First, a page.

South Africa post-2020: Covid-19 and the economy (part 1)

The year 2020 will be remembered as one of unprecedented uncertainty, and 2021 looks set to not buck its predecessor’s trend. Prof Raymond Parsons from the Business School at the North-West University (NWU) looks ahead at what the new year will hold for the South African economy and consumers alike. This is the first part of a series of articles.

As the world and South Africa continue to struggle with the seismic impact of the Covid-19 pandemic and with renewed surges in Covid-19 cases, social tensions are surging and severe socioeconomic consequences abound.

“Throughout this process, some countries have fared better than others, and there have been winners and losers. Yet serious mistakes were inevitably made and painful lessons have been learned about a virus that has created enormous challenges for policymakers all over the world. It is clear that, in the face of the recent renewed surges in the pandemic, Covid-19 exit strategies are, more than ever, a complex process of balancing trade-offs, handling fears and maintaining trust ‒ all on the basis of shifting evidence and imperfect information, but with profound economic implications,” says Prof Parsons.

He furthers warns that South Africans should continue to batten down the hatches, as the storm is far from over. South Africa needs strong nerves in 2021.

“For many other countries the original shock of Covid-19 early in 2020 interrupted a positive growth cycle. However, the South African economy was already extremely vulnerable when the pandemic hit. South Africa fell into the small group of emerging economies whose weak economic conditions would be severely tested in exceptional circumstances. ‘When the tide goes out,’ prominent financier Warren Buffet once said, ‘you see who has been swimming naked.’ An initial drastic and prolonged lockdown aggravated the very troubling conditions such as recession, unemployment, low business confidence, delivery problems, junk status and corruption that had been prevalent in South Africa even before the advent of Covid-19. The economic devastation showed up vividly in high-frequency data and in very negative growth and employment trends as the year progressed. The existing fault lines of unemployment, poverty and inequality in South Africa were therefore simply reinforced by the subsequent developments triggered by Covid-19,” Prof Parsons explains.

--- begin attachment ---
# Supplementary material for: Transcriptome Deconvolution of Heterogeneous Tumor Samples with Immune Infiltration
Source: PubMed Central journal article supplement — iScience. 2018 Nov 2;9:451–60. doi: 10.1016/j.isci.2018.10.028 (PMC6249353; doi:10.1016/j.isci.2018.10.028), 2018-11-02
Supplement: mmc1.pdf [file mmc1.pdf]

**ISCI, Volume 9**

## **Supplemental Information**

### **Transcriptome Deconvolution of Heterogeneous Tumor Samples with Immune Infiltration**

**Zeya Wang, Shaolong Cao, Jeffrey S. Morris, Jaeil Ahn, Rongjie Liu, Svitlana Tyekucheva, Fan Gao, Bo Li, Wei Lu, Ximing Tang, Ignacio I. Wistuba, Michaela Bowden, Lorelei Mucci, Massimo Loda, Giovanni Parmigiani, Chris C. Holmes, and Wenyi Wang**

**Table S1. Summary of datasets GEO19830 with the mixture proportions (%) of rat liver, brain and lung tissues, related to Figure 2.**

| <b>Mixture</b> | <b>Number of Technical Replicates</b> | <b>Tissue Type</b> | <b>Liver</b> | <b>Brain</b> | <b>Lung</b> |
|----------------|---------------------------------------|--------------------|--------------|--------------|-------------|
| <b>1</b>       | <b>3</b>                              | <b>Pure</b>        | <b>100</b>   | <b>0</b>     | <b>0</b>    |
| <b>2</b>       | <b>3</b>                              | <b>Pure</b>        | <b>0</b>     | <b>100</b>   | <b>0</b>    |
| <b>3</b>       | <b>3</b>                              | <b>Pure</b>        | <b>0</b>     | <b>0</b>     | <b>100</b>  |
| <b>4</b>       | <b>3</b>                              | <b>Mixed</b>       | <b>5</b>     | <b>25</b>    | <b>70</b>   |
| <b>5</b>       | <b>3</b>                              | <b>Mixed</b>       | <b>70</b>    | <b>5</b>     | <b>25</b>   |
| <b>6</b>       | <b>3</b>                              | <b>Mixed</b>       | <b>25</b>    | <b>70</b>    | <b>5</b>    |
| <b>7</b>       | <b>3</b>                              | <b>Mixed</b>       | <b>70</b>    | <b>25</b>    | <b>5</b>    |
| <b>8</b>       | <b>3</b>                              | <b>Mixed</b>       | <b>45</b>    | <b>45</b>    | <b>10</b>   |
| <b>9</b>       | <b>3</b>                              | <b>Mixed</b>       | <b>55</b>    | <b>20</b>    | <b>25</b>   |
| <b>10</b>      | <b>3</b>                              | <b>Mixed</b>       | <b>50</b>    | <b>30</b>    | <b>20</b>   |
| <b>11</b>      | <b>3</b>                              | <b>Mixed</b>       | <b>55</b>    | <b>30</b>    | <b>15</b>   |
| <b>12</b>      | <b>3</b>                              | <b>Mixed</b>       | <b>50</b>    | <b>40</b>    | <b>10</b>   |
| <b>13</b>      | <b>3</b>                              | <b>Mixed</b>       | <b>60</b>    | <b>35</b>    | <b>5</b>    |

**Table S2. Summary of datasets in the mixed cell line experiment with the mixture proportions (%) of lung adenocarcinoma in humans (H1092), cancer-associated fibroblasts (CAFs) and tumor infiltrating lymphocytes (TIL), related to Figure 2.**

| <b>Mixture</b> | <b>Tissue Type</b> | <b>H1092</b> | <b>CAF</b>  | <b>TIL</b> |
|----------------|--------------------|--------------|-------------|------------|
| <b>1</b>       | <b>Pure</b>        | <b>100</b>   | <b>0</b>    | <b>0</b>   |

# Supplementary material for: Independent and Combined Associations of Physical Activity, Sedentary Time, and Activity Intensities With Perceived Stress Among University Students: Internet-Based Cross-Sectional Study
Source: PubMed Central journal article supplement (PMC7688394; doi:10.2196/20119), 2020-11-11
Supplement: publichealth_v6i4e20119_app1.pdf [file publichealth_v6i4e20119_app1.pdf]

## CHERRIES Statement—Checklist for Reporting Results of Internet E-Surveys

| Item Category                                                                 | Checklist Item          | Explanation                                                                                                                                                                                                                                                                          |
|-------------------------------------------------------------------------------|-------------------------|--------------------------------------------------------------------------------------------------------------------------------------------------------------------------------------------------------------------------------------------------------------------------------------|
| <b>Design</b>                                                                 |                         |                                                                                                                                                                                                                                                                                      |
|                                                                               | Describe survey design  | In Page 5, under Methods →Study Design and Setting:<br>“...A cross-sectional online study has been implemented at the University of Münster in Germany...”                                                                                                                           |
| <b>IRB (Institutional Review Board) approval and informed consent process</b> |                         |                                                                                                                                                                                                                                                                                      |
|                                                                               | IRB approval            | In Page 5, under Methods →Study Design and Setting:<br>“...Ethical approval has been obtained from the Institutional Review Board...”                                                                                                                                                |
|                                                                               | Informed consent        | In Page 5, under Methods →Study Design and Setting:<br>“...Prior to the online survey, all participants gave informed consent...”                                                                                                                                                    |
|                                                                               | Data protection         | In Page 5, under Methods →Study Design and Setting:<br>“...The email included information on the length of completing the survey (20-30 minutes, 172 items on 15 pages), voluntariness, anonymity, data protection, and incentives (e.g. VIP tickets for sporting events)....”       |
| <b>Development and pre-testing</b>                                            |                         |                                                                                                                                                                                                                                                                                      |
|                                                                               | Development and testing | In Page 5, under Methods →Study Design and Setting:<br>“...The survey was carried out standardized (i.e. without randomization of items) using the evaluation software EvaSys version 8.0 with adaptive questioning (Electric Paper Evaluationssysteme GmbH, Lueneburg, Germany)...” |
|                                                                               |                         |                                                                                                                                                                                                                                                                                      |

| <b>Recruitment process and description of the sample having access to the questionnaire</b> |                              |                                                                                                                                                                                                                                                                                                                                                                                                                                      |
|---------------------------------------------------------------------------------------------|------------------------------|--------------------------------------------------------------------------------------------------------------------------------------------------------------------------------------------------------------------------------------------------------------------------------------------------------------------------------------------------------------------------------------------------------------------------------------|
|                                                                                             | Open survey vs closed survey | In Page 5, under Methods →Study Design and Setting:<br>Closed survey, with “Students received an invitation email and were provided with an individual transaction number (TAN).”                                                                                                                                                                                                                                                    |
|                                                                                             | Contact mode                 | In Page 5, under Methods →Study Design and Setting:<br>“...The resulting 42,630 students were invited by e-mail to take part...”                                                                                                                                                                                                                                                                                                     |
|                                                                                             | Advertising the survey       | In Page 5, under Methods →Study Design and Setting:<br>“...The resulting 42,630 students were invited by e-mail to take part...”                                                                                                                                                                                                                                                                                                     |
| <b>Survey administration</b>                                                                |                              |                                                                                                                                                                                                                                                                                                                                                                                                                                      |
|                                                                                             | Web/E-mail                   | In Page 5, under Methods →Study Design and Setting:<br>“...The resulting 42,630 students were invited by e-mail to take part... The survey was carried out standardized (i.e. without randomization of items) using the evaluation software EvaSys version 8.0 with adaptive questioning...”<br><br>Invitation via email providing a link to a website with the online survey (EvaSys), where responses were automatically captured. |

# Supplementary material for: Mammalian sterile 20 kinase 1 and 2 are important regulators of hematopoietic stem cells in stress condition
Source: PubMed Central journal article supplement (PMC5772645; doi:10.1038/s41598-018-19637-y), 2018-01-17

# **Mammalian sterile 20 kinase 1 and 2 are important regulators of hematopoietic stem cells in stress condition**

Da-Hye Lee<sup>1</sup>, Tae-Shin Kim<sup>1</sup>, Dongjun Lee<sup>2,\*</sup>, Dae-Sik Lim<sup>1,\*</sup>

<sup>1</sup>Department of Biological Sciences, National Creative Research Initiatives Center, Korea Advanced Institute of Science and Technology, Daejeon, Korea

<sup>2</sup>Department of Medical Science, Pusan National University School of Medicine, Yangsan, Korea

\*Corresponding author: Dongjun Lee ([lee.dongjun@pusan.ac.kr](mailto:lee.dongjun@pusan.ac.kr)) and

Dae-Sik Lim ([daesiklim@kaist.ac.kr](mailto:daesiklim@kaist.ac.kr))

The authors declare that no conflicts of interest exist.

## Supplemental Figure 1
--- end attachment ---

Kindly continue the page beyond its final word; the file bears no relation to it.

Although the government did its best to stem the resulting tide, damage was inevitable and, in some instances, irreversible.

Prof Parsons says that, against this backdrop, the government was not inactive on the economic front, nor was the SARB slow initially in cutting interest rates and avoiding a liquidity crunch. On the public finances side, available fiscal space was already extremely constrained amid escalating public debt and serious warnings of a looming sovereign debt crisis. Welcome temporary economic support measures such as the distribution of an economic “package” in April, a supplementary budget in June and the MTBPS in October could in any event only partially offset the overall contractionary impact of Covid-19 on the economy. Economic damage has still been widespread – some of it irreversible.

“Small businesses have been particularly vulnerable, while business liquidations are now 24% higher than a year ago and about two million jobs were lost in 2020. In effect, just as South Africa was running out of time and money, Covid-19 burst onto the scene and, unsurprisingly, economic uncertainty rose, confidence plummeted and the country’s economic performance deteriorated further as the year unfolded,” says Prof Parsons.

However, as the lockdown in South Africa progressively eased, the seeds for recovery were sown.


Submitted by MARELIZE SANTANA on Tue, 01/12/2021 - 16:23